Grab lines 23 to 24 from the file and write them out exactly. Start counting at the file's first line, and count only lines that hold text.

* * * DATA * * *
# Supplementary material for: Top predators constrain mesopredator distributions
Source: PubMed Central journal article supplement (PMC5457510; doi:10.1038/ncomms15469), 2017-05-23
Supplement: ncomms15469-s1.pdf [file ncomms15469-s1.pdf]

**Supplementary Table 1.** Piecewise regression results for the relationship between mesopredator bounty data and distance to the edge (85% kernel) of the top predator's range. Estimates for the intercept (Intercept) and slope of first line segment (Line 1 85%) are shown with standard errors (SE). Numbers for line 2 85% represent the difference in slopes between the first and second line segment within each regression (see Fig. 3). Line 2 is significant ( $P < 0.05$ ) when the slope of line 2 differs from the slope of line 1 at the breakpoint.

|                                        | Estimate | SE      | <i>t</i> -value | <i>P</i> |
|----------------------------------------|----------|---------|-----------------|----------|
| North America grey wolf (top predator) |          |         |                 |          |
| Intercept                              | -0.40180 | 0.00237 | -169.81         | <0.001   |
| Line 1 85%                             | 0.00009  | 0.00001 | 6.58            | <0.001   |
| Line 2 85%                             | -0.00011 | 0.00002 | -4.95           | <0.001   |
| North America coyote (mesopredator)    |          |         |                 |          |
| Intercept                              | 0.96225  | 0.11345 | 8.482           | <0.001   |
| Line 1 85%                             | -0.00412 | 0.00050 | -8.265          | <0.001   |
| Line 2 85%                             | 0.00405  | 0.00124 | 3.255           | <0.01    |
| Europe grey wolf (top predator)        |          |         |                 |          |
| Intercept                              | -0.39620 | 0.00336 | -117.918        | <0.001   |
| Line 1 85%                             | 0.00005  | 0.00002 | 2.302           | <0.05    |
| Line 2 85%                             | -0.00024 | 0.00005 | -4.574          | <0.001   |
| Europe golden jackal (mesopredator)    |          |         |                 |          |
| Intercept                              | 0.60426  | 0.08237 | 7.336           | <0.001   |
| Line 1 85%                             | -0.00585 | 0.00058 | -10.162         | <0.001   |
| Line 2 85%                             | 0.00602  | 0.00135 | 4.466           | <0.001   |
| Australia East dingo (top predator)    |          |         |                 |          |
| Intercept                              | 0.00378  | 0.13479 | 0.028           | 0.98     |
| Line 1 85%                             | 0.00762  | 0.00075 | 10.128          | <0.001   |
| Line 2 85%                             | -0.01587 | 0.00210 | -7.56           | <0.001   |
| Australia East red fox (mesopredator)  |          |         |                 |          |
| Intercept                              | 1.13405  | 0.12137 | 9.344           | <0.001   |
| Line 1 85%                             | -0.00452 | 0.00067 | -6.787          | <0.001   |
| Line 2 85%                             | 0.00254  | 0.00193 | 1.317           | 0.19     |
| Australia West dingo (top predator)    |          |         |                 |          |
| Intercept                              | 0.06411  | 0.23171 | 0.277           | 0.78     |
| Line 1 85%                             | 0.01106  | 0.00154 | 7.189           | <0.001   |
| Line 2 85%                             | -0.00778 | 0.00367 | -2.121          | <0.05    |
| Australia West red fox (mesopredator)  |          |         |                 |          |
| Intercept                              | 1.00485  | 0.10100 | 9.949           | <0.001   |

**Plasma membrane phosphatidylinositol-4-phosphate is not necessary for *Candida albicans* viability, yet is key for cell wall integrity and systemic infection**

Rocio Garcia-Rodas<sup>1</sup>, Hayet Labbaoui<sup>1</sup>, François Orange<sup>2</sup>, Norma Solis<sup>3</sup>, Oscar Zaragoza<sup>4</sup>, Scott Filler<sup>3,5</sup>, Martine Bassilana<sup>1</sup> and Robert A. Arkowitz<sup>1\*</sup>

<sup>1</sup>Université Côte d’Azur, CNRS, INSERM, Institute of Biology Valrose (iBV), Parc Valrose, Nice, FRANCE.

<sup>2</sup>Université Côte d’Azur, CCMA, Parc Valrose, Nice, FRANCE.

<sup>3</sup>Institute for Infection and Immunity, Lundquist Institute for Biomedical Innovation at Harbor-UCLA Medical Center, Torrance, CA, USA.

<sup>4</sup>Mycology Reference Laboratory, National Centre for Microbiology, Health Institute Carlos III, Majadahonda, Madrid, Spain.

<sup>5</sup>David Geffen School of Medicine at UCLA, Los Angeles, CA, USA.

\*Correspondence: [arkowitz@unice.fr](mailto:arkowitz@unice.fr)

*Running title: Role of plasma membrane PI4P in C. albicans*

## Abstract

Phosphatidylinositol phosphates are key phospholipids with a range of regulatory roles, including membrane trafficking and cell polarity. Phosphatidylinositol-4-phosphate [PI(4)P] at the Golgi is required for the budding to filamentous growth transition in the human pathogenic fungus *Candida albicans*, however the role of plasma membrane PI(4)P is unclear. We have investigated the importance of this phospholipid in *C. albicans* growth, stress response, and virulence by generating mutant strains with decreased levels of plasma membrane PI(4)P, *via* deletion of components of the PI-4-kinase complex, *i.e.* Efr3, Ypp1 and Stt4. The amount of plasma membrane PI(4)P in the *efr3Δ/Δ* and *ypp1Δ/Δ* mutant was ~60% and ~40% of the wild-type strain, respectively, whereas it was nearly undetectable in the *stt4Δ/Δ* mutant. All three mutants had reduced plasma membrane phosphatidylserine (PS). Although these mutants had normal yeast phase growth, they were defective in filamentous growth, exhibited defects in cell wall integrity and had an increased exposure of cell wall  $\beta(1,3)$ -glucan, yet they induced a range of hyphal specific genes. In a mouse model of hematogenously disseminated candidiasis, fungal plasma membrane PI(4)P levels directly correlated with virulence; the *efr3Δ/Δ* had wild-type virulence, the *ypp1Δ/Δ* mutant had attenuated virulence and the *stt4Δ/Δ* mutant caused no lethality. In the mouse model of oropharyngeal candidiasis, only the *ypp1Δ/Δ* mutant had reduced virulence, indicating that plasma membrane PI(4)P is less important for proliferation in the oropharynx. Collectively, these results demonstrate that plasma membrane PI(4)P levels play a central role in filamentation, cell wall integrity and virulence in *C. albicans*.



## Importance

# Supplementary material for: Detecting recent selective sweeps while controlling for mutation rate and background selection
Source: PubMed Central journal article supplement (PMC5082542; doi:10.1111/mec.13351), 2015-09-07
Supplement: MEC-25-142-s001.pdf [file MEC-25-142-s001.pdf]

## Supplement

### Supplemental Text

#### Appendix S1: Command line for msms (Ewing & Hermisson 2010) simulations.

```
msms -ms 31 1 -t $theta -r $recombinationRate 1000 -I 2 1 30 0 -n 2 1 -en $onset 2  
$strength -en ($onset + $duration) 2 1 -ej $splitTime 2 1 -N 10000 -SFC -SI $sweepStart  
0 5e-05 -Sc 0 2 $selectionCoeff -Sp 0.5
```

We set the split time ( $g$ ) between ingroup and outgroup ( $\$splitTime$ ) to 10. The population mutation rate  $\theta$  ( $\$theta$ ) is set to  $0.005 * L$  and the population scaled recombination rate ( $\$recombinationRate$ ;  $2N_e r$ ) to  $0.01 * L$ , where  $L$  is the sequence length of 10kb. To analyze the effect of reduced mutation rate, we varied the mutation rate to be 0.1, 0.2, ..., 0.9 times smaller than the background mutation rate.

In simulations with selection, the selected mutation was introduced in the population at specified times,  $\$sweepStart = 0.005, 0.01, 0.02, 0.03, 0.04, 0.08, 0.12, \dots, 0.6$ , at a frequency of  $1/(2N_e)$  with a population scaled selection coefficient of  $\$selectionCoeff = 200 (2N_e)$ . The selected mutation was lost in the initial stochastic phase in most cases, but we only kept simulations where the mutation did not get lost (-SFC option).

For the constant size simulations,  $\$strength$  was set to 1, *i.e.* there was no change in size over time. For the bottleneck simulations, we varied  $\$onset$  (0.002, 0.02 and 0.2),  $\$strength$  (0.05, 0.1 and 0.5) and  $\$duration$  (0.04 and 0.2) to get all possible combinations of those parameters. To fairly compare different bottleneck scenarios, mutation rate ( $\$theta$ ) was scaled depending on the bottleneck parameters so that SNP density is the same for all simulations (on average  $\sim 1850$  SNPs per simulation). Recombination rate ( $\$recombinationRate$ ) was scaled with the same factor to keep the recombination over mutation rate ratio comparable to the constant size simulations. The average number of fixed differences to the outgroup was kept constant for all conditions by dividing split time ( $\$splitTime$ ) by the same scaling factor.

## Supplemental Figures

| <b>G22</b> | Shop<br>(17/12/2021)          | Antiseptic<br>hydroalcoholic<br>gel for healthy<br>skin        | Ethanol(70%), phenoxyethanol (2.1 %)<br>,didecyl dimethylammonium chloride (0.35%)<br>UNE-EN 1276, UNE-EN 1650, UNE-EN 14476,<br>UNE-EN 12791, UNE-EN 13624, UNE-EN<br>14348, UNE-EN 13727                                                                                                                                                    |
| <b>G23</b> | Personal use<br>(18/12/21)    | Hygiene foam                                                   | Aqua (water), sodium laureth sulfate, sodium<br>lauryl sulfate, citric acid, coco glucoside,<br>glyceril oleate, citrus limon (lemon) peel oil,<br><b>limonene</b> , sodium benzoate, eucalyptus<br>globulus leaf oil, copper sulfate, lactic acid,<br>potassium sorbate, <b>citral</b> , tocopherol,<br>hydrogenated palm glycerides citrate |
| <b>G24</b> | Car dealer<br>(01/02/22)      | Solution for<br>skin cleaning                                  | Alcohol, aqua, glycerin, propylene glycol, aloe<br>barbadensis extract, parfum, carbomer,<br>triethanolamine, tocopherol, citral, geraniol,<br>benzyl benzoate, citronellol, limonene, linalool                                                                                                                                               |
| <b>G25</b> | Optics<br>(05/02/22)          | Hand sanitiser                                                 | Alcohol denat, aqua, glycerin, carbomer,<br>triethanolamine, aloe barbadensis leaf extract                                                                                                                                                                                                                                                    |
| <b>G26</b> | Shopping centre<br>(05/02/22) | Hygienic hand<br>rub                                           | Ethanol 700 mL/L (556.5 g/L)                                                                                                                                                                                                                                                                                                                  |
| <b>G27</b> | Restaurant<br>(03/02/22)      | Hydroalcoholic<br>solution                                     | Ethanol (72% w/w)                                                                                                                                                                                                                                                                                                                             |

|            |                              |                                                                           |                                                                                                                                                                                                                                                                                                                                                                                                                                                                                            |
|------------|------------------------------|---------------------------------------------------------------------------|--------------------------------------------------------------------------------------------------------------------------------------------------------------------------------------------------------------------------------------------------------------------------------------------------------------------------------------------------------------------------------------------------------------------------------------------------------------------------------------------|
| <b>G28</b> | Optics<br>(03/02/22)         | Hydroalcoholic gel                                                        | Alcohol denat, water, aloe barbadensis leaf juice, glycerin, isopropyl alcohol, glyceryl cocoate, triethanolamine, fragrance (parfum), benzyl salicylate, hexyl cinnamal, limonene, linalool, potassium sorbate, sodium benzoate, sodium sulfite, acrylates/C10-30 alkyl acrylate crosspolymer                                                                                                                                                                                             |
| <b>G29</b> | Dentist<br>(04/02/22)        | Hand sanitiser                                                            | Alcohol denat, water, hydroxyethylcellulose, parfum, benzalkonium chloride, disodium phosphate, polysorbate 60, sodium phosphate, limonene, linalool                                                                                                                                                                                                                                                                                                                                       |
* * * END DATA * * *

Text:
| Australia East dingo (top predator)    |          |         |                 |          |
| Intercept                              | 0.00378  | 0.13479 | 0.028           | 0.98     |